Why did the Uvalde schools police chief testify in private?

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AUSTIN (KXAN) — As Gov. Greg Abbott promised “transparency,” Uvalde CISD Police Chief Pete Arredondo exited secret closed-door testimony at the state Capitol on Tuesday, getting in an elevator while surrounded by law enforcement, without saying a word.

“I challenge the chief to come testify in public as to what happened here,” said Sen. Paul Bettencourt (R-Houston) earlier in the day. “Don’t go hiding in the House. Come to the Senate where the public of Texas can ask these questions.”

Arredondo testified in front of a House committee, which, unlike the Senate hearing, was closed to the public. The committee chair, Rep. Dustin Burrows (R-Lubbock) said the investigative hearing is being held behind closed doors because of the “quasi-judicial nature” of their work.

“We’ve just now begin to see some things, to talk about some things, and I don’t want to be more part of the problem by giving a real-time accounting until we can be accurate,” Burrows said following the private hearing, “and make sure that we have a full complete representation of what it is that we’ve come to.”

Yet, DPS Director Steve McCraw also testified Tuesday, in public, about law enforcement’s response. During his testimony at the Senate’s special committee to “Protect All Texans,” McCraw called Arredondo’s handling of the massacre an “abject failure.” In gripping testimony, he revealed a minute-by-minute timeline of events, along with transcripts of police radio and phone calls made at the scene along with security details about communication capabilities and the school’s safety features, much of which was new.

The question that advocates of the first amendment are asking is why Arredondo’s testimony was kept secret, and why he was escorted into the chamber through a back door, out of public view.

“That right there shows that law enforcement information can be released to the public, should be released to the public,” said Kelley Shannon, the executive director of the Freedom of Information Foundation of Texas. “Law enforcement can release information about investigations any time they like and [do] if they have a motive to, or reason to.”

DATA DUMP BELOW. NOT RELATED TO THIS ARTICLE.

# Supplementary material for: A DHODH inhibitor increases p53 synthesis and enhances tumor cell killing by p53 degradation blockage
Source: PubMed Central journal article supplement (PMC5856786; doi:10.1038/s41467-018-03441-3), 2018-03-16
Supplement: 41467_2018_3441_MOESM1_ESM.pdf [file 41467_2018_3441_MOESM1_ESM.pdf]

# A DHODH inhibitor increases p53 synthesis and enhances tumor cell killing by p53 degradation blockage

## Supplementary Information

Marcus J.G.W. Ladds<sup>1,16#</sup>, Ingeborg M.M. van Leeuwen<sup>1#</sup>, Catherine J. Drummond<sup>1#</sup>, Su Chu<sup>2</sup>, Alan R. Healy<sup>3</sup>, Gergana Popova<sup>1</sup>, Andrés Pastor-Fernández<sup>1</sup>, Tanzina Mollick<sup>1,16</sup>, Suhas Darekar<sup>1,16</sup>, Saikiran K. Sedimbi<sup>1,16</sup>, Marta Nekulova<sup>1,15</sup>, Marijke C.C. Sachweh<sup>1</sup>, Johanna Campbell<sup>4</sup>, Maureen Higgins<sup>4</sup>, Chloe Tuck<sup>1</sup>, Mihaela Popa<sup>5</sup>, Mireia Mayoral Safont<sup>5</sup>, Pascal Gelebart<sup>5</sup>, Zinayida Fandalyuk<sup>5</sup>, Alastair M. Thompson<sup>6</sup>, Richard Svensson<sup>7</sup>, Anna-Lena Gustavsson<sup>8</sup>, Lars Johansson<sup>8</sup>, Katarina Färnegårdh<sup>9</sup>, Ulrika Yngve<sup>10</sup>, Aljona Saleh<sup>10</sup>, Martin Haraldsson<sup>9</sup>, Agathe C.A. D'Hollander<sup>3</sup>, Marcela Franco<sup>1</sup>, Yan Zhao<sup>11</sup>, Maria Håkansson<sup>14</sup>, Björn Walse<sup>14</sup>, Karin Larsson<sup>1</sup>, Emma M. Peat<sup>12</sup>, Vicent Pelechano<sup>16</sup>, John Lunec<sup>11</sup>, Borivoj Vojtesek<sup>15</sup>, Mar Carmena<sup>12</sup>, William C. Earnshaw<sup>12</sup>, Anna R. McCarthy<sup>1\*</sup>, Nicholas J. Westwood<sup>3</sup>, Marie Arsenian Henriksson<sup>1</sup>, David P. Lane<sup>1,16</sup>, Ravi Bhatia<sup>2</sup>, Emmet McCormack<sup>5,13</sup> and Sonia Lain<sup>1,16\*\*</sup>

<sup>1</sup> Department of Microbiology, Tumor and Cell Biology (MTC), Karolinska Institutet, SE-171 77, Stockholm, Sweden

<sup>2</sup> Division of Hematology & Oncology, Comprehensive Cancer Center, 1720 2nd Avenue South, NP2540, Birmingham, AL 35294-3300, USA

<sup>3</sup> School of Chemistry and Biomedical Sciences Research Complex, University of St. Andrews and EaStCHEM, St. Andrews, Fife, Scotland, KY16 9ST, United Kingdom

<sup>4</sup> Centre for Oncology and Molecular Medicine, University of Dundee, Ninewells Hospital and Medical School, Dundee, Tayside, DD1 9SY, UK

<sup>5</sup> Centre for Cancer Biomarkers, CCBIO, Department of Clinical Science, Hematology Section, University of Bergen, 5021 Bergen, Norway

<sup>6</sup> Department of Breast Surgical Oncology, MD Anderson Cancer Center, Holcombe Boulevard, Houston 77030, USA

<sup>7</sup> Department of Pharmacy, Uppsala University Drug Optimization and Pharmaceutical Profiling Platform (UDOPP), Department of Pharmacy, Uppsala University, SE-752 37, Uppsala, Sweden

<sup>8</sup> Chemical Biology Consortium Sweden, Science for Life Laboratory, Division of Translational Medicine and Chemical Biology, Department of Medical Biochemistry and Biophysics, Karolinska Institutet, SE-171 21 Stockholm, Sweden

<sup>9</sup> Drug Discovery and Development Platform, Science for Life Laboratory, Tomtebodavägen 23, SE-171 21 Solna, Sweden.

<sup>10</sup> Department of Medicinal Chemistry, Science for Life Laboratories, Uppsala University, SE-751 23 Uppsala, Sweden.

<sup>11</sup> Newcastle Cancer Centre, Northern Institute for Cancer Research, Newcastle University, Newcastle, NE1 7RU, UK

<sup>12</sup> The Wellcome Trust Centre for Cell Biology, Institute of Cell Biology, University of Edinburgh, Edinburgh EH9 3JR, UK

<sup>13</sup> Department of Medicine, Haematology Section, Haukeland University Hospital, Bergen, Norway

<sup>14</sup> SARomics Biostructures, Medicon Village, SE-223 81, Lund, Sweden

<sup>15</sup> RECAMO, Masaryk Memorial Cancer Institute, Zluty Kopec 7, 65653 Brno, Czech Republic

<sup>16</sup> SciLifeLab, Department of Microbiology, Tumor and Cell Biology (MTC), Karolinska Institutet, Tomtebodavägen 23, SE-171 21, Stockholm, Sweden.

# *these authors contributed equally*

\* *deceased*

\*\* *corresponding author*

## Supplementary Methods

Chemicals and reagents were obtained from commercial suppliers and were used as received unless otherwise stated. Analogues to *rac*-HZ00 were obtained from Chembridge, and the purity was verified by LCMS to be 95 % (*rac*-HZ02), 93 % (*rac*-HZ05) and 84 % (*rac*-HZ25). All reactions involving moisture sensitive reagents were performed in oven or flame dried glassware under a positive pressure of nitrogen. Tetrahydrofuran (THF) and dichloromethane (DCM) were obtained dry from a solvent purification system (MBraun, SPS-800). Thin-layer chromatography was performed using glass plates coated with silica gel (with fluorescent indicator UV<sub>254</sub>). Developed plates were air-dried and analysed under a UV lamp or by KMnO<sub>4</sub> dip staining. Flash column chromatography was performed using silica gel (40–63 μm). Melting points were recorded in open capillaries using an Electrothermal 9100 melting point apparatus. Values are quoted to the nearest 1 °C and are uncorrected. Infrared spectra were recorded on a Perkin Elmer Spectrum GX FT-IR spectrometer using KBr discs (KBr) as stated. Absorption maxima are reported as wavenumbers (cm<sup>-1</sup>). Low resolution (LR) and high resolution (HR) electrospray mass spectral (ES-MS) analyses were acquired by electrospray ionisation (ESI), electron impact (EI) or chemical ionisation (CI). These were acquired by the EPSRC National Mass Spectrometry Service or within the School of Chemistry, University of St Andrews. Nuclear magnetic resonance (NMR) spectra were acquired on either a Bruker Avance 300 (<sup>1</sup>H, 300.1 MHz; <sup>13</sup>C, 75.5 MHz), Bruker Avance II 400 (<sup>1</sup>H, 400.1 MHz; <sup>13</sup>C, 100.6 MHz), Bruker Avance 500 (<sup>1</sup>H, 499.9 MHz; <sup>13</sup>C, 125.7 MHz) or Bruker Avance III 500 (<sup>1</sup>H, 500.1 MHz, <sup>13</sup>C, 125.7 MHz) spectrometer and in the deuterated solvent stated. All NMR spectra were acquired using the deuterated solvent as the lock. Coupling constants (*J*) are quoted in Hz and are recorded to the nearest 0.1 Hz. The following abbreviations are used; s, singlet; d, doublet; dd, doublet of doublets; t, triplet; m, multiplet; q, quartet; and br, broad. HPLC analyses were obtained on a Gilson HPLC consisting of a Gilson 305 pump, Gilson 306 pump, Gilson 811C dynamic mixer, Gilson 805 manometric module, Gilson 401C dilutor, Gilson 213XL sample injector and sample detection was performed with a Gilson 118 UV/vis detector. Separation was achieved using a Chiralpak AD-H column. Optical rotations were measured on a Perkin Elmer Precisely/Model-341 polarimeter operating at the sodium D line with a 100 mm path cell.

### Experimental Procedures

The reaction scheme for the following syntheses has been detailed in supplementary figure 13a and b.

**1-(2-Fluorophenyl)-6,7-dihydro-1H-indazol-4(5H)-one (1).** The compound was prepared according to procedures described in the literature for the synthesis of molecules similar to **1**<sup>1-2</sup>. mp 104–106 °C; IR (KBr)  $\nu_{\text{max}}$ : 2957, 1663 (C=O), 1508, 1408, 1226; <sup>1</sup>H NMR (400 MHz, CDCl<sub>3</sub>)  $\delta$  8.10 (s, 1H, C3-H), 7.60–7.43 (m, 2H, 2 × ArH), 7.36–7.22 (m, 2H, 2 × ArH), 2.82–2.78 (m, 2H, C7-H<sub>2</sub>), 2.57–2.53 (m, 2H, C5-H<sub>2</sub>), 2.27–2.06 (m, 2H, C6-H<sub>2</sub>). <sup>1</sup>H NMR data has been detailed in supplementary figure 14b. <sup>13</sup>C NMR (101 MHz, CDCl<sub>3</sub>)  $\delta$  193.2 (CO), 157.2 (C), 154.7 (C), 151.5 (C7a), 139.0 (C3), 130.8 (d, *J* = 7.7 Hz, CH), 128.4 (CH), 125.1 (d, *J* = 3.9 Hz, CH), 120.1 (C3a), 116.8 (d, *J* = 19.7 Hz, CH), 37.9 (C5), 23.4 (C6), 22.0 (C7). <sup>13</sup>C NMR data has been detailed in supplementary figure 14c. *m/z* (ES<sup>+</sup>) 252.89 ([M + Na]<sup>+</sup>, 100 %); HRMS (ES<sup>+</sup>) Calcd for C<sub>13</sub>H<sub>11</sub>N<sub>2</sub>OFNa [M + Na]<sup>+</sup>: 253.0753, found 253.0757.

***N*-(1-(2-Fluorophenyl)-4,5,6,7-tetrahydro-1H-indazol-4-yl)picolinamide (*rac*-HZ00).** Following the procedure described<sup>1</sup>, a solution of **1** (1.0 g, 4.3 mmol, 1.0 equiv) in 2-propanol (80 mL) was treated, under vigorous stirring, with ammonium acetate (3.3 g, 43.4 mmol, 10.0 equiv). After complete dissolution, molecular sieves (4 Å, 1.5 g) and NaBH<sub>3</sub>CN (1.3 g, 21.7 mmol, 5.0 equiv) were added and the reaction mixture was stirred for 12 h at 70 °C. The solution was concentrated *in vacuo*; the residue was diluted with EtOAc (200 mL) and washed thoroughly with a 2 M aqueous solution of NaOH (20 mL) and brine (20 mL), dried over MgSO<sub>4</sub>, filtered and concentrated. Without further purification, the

Shannon previously told KXAN she worries Texas’ so-called “Dead Suspect Loophole” could be used to block the release of public records that could shed light on what happened in Uvalde.

“The more information that comes out of this, and how the police handled it, the better,” said Shannon. “We want complete information. We don’t want snippets of information. We the public, starting with the citizens of Uvalde … want information about this so we can, hopefully, prevent it from happening again.”

KXAN has put in multiple public information requests with the Texas Department of Public Safety, Uvalde Police and Uvalde CISD.

Arredondo’s testimony came the same day Abbott promised transparency into what happened.

“All information the Office of the Governor has related to the shooting in Uvalde has already been released to the public or is in an expedited process of being released,” said Abbott’s spokesperson Renae Eze in a statement. “Governor Abbott has been adamant since day one that all information relating to the tragedy at Robb Elementary School be shared with the victims’ families, the Uvalde community, and the entire state.”

The governor’s office said it will work to make sure documents are released, including the full results of the investigations by the Texas Rangers and the FBI.

“The Governor wants all facts of this tragedy to be made public as quickly as possible and will do his part to achieve that goal,” said Eze.



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